Chelsea Division lowers overall PTO noise

Diesel engines have historically been loud, noisy machines. Because of this, some governments here in North America as well as in Europe are enacting laws to regulate the idling of diesel engines to keep the noise pollution under control.

The Chelsea Division of Parker has developed the 249 Series power takeoff to reduce overall noise emissions on vocational trucks.

Vocational truck PTOs essentially are mated directly to the engine via the transmission. As the crankshaft of the engine rotates, it drives the gears within the PTO to eventually spin the PTO shaft to drive a pump, compressor, or other piece of equipment.

The engine smoothness or torsional signature greatly impacts the gear train design due to the required backlash requirements of gearing. Most all components on today's trucks are affected by these sometimes severe vibrations. These torsional vibrations produce an erratic flow of power into the transmission, and subsequently the PTO. The new technologies required to address noise emissions, fuel economy, and exhaust emissions, engines and their torsional signature have steadily worsened.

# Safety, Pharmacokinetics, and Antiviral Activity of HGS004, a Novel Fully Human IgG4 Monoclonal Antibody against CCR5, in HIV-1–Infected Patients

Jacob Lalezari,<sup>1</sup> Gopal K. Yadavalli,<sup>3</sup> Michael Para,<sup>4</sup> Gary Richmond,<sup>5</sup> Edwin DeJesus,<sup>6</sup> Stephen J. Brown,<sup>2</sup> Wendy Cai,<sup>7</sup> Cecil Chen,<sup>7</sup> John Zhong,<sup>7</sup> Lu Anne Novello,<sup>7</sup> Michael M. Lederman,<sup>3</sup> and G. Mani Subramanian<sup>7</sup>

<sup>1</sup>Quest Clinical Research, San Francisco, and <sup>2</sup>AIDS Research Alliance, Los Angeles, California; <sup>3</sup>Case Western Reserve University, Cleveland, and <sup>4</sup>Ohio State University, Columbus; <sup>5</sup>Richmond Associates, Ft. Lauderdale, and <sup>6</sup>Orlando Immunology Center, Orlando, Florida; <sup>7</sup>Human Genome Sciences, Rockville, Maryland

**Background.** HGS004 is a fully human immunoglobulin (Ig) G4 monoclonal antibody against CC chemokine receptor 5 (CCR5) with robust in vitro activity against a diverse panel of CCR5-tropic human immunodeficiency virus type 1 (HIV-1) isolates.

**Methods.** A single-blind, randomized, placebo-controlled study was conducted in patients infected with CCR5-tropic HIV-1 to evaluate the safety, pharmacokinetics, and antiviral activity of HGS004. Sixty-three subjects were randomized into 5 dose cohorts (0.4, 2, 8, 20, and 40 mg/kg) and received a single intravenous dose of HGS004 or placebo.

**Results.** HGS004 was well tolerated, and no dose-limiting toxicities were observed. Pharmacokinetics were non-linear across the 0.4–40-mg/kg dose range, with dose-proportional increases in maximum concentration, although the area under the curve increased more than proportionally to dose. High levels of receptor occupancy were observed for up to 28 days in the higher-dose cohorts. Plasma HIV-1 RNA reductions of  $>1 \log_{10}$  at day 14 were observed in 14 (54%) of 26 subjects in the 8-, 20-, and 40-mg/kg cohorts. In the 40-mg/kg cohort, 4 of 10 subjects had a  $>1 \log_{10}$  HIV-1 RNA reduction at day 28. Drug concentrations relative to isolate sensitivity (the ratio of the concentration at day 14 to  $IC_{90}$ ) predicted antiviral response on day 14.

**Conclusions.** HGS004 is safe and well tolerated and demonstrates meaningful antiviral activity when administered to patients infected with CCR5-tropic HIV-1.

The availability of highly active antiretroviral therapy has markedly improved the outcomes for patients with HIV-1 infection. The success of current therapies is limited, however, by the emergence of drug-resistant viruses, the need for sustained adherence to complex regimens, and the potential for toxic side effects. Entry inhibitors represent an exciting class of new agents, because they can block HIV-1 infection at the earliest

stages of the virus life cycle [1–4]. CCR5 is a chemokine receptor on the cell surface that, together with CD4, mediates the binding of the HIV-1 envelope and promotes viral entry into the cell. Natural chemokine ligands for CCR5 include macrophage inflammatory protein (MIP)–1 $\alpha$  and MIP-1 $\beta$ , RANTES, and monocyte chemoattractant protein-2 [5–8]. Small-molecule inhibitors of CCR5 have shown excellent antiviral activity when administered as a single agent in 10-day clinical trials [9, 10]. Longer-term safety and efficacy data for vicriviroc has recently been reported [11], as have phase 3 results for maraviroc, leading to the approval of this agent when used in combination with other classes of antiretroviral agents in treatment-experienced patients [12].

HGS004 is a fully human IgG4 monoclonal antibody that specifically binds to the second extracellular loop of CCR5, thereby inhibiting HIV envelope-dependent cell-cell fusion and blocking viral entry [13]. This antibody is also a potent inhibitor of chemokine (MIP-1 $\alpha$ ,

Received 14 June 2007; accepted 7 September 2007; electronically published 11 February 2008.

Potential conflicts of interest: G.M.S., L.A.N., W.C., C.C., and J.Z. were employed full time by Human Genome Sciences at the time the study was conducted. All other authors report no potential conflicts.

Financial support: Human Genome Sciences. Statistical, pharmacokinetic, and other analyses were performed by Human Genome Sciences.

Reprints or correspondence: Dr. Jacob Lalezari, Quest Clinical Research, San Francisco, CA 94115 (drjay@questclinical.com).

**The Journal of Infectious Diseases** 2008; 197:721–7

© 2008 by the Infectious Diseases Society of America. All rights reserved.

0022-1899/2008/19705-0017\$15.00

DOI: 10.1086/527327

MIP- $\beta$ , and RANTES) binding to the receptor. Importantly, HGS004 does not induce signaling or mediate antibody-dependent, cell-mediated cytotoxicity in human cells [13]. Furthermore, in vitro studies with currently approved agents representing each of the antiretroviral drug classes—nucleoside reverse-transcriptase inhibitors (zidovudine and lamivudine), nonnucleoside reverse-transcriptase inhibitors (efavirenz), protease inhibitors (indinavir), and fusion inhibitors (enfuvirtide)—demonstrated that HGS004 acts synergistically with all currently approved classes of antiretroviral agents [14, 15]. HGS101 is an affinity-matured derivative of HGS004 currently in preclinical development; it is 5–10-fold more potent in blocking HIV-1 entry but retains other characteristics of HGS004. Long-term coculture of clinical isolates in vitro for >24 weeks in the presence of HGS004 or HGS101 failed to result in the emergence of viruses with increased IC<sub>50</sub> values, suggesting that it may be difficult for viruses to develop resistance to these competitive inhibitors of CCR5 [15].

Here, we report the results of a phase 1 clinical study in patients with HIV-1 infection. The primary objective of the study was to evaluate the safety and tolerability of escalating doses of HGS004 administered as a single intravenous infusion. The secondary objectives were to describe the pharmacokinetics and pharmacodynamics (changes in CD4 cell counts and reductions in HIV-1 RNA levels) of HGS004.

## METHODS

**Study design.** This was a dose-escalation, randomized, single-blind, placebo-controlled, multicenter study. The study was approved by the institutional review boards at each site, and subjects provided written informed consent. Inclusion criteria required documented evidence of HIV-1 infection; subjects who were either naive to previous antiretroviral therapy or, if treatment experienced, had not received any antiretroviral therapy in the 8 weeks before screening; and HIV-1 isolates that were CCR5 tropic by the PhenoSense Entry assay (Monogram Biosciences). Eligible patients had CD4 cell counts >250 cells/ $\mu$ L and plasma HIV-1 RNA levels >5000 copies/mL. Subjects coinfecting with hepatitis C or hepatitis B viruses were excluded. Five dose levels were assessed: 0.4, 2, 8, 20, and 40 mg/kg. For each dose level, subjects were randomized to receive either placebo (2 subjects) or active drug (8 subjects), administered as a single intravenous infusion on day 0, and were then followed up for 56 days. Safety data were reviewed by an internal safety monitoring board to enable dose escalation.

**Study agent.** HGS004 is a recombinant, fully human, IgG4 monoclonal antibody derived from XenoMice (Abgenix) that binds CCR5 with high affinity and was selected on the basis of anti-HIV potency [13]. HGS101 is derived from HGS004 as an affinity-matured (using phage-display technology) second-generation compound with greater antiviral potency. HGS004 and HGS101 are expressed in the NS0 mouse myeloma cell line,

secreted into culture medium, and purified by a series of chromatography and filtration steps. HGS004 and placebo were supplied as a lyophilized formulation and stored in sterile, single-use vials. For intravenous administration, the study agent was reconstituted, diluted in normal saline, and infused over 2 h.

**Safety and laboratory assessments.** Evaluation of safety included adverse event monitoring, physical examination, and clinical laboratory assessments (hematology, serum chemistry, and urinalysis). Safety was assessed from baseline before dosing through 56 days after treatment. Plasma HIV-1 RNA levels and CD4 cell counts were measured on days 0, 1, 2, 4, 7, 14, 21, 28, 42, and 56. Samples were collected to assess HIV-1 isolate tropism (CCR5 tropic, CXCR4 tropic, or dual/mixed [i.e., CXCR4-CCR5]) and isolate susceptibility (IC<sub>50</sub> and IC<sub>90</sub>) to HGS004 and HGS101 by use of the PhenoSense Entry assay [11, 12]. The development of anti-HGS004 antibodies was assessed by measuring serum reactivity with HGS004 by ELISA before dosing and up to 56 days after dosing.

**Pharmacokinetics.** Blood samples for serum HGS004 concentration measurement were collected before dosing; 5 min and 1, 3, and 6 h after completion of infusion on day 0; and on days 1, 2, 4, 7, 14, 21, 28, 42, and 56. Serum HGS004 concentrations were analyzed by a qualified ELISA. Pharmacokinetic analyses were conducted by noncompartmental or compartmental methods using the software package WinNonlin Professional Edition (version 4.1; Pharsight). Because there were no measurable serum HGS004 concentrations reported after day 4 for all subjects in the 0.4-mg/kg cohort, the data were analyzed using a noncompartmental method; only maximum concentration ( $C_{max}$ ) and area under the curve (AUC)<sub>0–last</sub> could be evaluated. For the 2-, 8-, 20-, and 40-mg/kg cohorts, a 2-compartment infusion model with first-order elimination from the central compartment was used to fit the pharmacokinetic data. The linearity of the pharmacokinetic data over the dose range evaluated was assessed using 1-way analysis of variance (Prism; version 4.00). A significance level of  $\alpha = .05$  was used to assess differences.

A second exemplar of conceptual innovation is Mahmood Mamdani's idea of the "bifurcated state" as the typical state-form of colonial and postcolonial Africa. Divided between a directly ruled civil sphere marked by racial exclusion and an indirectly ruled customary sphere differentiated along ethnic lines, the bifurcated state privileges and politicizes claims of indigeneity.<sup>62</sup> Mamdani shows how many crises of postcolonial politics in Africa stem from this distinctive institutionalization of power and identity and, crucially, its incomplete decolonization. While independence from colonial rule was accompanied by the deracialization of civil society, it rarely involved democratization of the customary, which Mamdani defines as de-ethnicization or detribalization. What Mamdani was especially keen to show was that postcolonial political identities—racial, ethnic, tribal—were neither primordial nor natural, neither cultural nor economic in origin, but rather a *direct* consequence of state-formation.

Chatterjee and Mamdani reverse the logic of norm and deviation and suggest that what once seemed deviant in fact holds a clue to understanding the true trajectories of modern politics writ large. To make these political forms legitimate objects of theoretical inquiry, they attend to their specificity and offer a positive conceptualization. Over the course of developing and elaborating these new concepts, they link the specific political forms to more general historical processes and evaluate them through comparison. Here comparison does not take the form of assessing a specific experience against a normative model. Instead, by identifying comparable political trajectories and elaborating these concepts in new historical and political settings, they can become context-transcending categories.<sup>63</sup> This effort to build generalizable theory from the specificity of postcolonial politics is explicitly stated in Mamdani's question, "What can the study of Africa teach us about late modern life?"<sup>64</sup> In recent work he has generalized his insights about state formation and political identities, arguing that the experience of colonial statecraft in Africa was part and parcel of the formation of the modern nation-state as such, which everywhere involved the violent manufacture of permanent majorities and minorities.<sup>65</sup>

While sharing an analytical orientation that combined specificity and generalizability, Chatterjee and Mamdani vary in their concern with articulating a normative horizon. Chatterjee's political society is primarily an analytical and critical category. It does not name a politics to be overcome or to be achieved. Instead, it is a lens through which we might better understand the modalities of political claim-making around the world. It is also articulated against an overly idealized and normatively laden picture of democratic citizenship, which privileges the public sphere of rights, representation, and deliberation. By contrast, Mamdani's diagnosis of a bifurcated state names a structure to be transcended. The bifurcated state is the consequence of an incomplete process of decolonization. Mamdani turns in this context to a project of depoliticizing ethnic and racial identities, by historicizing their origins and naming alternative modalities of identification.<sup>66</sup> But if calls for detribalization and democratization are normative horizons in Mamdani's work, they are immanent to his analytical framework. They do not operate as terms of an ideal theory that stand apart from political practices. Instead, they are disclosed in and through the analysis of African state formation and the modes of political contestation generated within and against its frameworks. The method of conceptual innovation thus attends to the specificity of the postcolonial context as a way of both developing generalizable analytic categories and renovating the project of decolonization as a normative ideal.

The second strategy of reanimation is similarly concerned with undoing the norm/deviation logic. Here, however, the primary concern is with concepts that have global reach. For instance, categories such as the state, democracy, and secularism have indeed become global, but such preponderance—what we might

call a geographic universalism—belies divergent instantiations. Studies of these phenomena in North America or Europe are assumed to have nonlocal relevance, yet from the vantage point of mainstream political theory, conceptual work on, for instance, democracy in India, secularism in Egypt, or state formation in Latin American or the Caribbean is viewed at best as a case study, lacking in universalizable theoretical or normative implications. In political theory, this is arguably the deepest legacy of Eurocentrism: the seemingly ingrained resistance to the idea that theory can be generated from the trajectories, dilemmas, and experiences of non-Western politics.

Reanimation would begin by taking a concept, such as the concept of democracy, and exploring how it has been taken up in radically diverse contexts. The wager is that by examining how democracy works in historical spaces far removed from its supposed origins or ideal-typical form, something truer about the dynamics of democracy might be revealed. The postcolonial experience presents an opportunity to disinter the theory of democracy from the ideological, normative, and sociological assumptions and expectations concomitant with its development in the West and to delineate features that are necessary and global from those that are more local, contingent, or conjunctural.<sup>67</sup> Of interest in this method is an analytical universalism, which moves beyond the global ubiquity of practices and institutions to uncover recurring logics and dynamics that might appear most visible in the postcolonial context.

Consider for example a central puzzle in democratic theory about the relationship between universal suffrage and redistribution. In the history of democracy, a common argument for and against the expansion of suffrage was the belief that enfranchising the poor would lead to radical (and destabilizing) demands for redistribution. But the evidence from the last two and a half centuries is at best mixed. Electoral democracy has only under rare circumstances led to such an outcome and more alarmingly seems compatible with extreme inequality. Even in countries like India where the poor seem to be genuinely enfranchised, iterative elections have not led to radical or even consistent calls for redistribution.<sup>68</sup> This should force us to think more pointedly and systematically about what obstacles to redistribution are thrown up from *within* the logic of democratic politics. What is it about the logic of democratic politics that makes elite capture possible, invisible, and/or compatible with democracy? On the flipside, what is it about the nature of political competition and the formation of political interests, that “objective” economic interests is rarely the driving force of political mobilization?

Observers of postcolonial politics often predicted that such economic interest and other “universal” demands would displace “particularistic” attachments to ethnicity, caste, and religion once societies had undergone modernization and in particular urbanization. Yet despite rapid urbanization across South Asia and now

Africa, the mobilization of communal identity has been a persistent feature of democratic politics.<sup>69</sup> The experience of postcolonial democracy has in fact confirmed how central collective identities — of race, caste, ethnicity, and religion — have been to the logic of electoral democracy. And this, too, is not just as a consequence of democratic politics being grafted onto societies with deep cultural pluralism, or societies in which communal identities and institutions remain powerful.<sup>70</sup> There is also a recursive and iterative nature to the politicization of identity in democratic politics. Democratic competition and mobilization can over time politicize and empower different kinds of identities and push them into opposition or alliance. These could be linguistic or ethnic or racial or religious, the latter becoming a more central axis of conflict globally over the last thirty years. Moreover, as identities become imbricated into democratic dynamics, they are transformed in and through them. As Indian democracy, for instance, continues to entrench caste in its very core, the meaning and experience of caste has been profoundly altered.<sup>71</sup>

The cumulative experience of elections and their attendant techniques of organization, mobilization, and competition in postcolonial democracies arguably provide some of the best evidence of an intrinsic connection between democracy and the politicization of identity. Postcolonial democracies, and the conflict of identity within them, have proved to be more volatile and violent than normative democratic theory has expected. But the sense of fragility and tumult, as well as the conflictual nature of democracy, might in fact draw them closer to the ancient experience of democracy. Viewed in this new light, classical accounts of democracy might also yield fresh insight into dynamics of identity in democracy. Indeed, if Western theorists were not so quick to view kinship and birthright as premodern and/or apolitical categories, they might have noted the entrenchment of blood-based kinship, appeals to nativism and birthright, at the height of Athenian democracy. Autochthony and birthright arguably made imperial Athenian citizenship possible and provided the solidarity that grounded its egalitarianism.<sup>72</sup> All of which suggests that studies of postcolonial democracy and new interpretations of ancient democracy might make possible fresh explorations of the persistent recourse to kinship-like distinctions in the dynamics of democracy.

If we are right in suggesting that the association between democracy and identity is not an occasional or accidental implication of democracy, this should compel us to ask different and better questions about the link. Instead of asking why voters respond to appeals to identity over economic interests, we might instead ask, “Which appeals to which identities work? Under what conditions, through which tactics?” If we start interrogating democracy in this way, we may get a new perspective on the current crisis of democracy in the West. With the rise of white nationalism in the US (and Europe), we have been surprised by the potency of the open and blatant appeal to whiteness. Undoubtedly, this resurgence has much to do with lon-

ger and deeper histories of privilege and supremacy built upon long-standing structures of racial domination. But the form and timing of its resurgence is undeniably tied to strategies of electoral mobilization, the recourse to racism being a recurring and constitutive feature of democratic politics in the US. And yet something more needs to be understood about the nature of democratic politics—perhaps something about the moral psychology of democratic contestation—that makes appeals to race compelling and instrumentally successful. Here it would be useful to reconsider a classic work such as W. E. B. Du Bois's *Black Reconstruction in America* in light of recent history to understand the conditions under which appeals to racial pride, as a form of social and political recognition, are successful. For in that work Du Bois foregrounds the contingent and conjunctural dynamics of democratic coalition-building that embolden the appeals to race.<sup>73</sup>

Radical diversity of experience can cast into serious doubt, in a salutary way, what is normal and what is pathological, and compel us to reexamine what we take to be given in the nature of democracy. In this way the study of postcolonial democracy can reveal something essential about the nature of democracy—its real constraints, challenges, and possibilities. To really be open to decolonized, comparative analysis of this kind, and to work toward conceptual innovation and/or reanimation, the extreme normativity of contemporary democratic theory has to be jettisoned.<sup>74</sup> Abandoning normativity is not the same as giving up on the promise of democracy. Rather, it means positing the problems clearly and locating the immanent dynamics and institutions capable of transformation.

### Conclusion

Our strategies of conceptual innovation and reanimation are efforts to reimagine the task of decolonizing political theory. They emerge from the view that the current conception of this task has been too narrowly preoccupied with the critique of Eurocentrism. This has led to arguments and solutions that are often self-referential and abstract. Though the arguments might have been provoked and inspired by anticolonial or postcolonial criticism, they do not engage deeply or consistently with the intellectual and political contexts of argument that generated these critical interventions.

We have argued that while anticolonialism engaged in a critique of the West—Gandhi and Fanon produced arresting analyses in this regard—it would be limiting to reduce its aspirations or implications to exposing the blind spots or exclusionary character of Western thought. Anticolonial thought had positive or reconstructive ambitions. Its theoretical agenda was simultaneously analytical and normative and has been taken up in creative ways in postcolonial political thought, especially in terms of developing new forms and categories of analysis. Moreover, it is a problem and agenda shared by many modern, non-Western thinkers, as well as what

The torsional signature of engines causes an acceleration and deceleration of the gear teeth in the transmission and the PTO. These accelerations and decelerations of the gear teeth can cause a gear rattle noise from the gear teeth hitting both the drive and the coast side of the gear tooth. Although the rattle is in some cases very objectionable and dissatisfying to the truck operators, it rarely causes any durability or life concerns.

Past measures to minimize noise have been controlling the gear mesh to a very high standard, selectively fitting the PTO to the transmission with shim gaskets to reduce the gear backlash, or adding friction components to create a drag in the system to keep the gears in a tight mesh. As the torsional vibrations of newer engines increase and the sound emission of these engines are reduced, past measures for keeping a PTO quiet are no longer adequate.

Chelsea's new design incorporates a patent-pending way to reduce spacing of the meshing gears to zero. A biasing force tightens the mesh of the gears, but not so much as to bind them together. With the gears in a near-zero mesh spacing, there is essentially no ability for the gears to chatter or rattle.

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